US large cap stocks have jumped more than 7% to start the year and continue to erase last year’s decline. The S&P 500 Index is further above its 200-day average than at any point in the last 12 months, as stocks attempt to enter a new bull market. The Dow Jones Industrial Average is down just 1.4% over the last year, while the NASDAQ Composite has been the best performing major index over the last month and quarter.
Bond prices continue to fall as interest rates rise. The 10-Year Treasury note is stuck below a falling 200-day moving average – clear evidence that a downtrend still exists. While yields are down from their October peak, continued policy tightening by the Federal Reserve poses a threat to fixed income investors over the coming months.
The US Dollar has rebounded in recent weeks, presenting a headwind to commodity prices. The impact has been most pronounced in precious metals, where both gold and silver have dropped. For silver, prices are back to November levels.
Focusing on the Fed
The Federal Reserve raised interest rates by 0.25% at their February meeting, bringing the Federal Funds target rate to a range of 4.25% to 4.50%. That’s the highest level since the Fed took rates to zero in response to the 2008 financial crisis.
At his post-meeting press conference, Fed Chair Jerome Powell reinforced previous guidance for continued hikes and a terminal rate above 5%. When confronted with the reality that markets were pricing in rate cuts in the latter half of the year, Powell repeated that rates will likely need to remain elevated for ‘some time’ in order to achieve the Fed’s mandate of price stability.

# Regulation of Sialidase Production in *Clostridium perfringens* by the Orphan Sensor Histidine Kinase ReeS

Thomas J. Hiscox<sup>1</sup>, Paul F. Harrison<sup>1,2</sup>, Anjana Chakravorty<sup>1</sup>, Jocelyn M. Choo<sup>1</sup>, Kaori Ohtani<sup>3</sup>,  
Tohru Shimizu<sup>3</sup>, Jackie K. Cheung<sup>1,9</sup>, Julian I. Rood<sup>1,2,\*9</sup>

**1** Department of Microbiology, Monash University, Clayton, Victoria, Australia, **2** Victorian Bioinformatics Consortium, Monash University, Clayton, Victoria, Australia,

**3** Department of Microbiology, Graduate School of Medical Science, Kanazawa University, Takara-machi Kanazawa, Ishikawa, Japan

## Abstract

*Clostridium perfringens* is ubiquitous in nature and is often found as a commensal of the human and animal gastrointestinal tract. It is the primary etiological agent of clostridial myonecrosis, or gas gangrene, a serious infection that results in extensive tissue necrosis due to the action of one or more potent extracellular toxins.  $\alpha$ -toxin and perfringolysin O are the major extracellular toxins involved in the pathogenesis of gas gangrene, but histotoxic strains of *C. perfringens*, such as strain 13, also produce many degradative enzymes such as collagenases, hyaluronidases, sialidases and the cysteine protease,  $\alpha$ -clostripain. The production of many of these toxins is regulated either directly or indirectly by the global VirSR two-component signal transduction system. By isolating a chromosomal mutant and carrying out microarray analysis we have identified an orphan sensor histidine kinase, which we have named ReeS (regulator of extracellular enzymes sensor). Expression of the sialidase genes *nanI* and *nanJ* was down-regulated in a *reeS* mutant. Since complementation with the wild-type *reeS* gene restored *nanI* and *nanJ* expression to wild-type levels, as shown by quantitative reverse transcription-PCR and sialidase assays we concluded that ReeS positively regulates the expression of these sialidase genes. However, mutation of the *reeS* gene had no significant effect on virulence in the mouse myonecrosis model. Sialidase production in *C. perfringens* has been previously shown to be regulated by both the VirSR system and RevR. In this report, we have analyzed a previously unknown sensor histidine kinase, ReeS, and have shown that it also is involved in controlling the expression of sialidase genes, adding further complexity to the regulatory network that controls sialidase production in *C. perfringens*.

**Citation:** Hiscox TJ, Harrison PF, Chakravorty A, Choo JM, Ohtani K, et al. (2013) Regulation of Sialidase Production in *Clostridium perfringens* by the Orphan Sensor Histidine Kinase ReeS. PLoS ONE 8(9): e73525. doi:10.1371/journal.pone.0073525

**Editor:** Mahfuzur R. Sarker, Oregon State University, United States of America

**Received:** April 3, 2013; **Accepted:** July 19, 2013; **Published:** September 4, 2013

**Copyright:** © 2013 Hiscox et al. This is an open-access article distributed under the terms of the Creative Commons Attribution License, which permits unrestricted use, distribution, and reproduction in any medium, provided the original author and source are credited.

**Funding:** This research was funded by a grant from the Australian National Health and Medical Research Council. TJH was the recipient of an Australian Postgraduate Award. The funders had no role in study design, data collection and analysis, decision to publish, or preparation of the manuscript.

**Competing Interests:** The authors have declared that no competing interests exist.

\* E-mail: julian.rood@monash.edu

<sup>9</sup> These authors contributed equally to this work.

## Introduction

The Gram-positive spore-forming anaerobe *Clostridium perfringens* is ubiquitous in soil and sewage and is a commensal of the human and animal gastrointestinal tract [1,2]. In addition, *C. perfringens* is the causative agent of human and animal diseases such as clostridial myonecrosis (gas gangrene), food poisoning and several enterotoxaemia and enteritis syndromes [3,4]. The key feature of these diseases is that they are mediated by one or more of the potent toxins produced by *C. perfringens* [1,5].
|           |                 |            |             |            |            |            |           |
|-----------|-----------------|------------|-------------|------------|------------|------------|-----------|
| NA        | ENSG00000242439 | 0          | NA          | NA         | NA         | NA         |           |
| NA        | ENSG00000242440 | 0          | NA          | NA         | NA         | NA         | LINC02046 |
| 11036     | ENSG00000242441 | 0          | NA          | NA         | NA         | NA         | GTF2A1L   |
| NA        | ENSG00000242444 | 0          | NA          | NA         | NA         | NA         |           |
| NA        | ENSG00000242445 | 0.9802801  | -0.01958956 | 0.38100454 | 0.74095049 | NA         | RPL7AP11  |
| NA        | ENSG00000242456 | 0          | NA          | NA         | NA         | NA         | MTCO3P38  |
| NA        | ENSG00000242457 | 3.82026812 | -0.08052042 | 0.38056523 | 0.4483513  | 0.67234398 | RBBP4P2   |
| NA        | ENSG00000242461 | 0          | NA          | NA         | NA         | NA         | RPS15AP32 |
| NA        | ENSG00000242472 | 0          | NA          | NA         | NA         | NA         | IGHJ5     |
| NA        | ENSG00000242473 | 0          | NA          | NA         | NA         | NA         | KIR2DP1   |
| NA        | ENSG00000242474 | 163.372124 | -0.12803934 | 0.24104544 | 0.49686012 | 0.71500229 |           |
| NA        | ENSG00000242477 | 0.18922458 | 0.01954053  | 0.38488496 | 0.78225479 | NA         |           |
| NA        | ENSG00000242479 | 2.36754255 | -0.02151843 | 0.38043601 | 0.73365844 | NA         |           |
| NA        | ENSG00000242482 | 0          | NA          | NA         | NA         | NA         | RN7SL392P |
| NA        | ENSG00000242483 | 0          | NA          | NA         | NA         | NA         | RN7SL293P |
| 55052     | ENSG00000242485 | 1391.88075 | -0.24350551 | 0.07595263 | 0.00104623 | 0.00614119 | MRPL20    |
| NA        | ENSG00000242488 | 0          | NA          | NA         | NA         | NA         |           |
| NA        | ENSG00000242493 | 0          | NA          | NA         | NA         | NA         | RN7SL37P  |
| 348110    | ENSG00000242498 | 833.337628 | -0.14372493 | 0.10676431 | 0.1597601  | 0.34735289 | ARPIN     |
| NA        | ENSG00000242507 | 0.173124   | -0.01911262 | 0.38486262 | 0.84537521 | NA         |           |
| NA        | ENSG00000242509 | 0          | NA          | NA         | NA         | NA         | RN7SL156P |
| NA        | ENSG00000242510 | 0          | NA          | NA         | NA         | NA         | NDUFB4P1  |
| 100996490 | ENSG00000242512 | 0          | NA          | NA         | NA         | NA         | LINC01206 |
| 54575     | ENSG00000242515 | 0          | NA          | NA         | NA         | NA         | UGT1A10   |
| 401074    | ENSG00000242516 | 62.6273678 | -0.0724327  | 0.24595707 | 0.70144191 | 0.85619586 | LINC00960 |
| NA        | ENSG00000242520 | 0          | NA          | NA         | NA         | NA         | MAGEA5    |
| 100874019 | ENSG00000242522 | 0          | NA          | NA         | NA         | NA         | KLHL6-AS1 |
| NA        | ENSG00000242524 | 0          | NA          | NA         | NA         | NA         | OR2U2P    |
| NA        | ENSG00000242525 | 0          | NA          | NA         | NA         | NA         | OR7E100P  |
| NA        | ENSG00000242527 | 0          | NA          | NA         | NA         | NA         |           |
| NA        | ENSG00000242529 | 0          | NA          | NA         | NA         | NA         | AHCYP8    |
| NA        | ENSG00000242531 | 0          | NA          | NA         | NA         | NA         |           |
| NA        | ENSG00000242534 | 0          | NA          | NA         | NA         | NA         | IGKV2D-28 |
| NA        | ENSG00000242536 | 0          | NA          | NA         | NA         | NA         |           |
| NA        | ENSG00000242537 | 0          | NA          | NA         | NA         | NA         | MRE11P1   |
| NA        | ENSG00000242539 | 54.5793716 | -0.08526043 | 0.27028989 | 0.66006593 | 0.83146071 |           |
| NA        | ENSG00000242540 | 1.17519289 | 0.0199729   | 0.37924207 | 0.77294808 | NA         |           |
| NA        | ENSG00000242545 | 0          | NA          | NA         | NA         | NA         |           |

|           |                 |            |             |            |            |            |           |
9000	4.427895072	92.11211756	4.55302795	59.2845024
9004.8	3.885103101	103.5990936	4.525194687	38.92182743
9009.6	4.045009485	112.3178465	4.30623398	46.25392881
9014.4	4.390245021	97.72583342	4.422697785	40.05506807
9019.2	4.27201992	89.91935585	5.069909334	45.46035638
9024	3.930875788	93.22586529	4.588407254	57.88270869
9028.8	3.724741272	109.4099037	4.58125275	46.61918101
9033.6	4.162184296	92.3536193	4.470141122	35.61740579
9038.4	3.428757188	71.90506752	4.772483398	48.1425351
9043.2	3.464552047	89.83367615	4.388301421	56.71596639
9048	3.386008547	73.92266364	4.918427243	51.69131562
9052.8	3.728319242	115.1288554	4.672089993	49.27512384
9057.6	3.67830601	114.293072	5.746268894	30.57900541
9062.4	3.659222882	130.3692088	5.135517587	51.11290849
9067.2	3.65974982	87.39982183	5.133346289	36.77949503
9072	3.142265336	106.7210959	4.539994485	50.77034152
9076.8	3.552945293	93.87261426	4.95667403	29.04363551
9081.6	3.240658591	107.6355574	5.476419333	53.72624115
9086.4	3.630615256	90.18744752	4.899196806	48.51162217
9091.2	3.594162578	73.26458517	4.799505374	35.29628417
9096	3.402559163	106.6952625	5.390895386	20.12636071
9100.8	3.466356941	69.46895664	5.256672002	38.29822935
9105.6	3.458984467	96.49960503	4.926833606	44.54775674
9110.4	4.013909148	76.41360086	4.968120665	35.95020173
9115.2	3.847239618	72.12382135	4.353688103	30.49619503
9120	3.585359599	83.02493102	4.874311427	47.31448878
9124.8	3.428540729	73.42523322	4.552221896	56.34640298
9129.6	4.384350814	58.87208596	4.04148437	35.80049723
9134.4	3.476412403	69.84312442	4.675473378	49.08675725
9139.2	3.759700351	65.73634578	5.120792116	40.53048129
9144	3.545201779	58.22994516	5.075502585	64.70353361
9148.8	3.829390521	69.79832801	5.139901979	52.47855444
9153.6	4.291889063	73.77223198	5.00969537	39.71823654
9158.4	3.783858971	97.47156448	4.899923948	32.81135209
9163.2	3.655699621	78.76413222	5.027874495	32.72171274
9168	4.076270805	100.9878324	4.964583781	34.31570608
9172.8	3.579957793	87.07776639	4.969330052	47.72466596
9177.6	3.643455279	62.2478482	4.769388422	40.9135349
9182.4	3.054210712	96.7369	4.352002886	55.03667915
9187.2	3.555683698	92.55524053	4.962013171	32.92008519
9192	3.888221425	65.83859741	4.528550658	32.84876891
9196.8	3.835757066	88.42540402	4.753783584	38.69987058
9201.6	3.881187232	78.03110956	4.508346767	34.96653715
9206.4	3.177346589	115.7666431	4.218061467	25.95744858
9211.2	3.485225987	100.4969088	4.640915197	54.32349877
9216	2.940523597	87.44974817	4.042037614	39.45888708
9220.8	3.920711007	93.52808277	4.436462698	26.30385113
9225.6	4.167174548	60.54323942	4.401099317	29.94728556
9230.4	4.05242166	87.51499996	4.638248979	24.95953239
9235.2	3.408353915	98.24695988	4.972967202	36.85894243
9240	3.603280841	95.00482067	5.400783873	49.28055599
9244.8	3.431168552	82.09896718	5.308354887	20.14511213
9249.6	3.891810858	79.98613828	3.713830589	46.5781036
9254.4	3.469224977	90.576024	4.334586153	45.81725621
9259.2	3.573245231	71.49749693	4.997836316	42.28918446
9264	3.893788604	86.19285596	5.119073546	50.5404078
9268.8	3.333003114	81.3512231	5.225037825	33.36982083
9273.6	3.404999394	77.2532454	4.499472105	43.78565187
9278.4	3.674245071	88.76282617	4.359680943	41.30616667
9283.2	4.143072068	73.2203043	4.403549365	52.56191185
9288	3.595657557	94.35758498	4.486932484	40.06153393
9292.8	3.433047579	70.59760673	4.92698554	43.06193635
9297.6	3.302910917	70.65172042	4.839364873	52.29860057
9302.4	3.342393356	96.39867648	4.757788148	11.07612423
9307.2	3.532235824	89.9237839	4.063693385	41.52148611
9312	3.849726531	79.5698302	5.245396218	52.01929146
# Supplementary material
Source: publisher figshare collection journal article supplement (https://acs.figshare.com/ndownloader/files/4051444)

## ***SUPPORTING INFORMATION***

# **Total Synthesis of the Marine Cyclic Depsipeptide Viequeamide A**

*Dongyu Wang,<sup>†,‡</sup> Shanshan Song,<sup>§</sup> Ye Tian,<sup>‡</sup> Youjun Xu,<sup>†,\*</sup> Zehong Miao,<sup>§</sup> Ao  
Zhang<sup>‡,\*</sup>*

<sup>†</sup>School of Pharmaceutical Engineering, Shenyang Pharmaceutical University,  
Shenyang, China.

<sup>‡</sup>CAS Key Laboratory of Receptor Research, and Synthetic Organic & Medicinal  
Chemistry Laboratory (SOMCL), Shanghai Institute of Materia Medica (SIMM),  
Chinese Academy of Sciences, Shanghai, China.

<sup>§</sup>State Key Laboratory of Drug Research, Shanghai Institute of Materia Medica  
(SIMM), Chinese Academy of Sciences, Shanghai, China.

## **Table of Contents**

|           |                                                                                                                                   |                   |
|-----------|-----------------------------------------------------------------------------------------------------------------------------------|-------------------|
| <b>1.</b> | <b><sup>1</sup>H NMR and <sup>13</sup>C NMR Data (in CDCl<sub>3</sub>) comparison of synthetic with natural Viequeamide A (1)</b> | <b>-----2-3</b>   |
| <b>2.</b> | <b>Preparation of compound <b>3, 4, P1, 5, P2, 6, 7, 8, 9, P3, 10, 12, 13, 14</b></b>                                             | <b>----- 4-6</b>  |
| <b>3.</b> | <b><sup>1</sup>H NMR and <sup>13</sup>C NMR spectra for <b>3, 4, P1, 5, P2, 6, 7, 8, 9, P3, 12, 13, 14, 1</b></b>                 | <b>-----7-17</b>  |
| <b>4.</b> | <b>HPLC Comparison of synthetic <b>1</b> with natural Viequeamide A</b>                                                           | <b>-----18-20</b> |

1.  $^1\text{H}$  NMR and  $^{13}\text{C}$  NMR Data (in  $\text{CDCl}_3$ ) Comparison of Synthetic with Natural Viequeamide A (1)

Market participants are beginning to believe him.
In the last two weeks, the gap between the implied Federal Funds rate for July (when rates are expected to reach their peak) and December has narrowed. In January, futures markets reflected a 0.4% rate cut by year-end. The difference is now less than 0.1%
The shift could be a reflection of growing consensus among FOMC participants – nearly every member has expressed a desire to keep rates elevated for an extended period in order to control inflation. Equally important, though, is economic data that’s shown few ill effects from tighter financial conditions. That could make price stability harder to achieve.
Don’t Bet Against the US Consumer
Interest rate hikes have done little to slow the labor market: unemployment dropped to a 50-year low in January. That was after the US added more than 500,000 jobs in the month, far exceeding all estimates from economic forecasters.
Strong employment is supporting continued consumer spending. Forecasters entered the year lamenting that excess savings from the pandemic would soon be depleted, causing a slowdown in consumption. This week’s retail sales report has placed that narrative on hold.
Sales grew 3.0% from December and accelerated to 6.4% on a year-over-year basis. We’re well past the growth fluctuations caused by shutdowns and stimulus payments, but annual growth is still better than at any point in the 7 years that preceded COVID.
A Look at What’s Ahead
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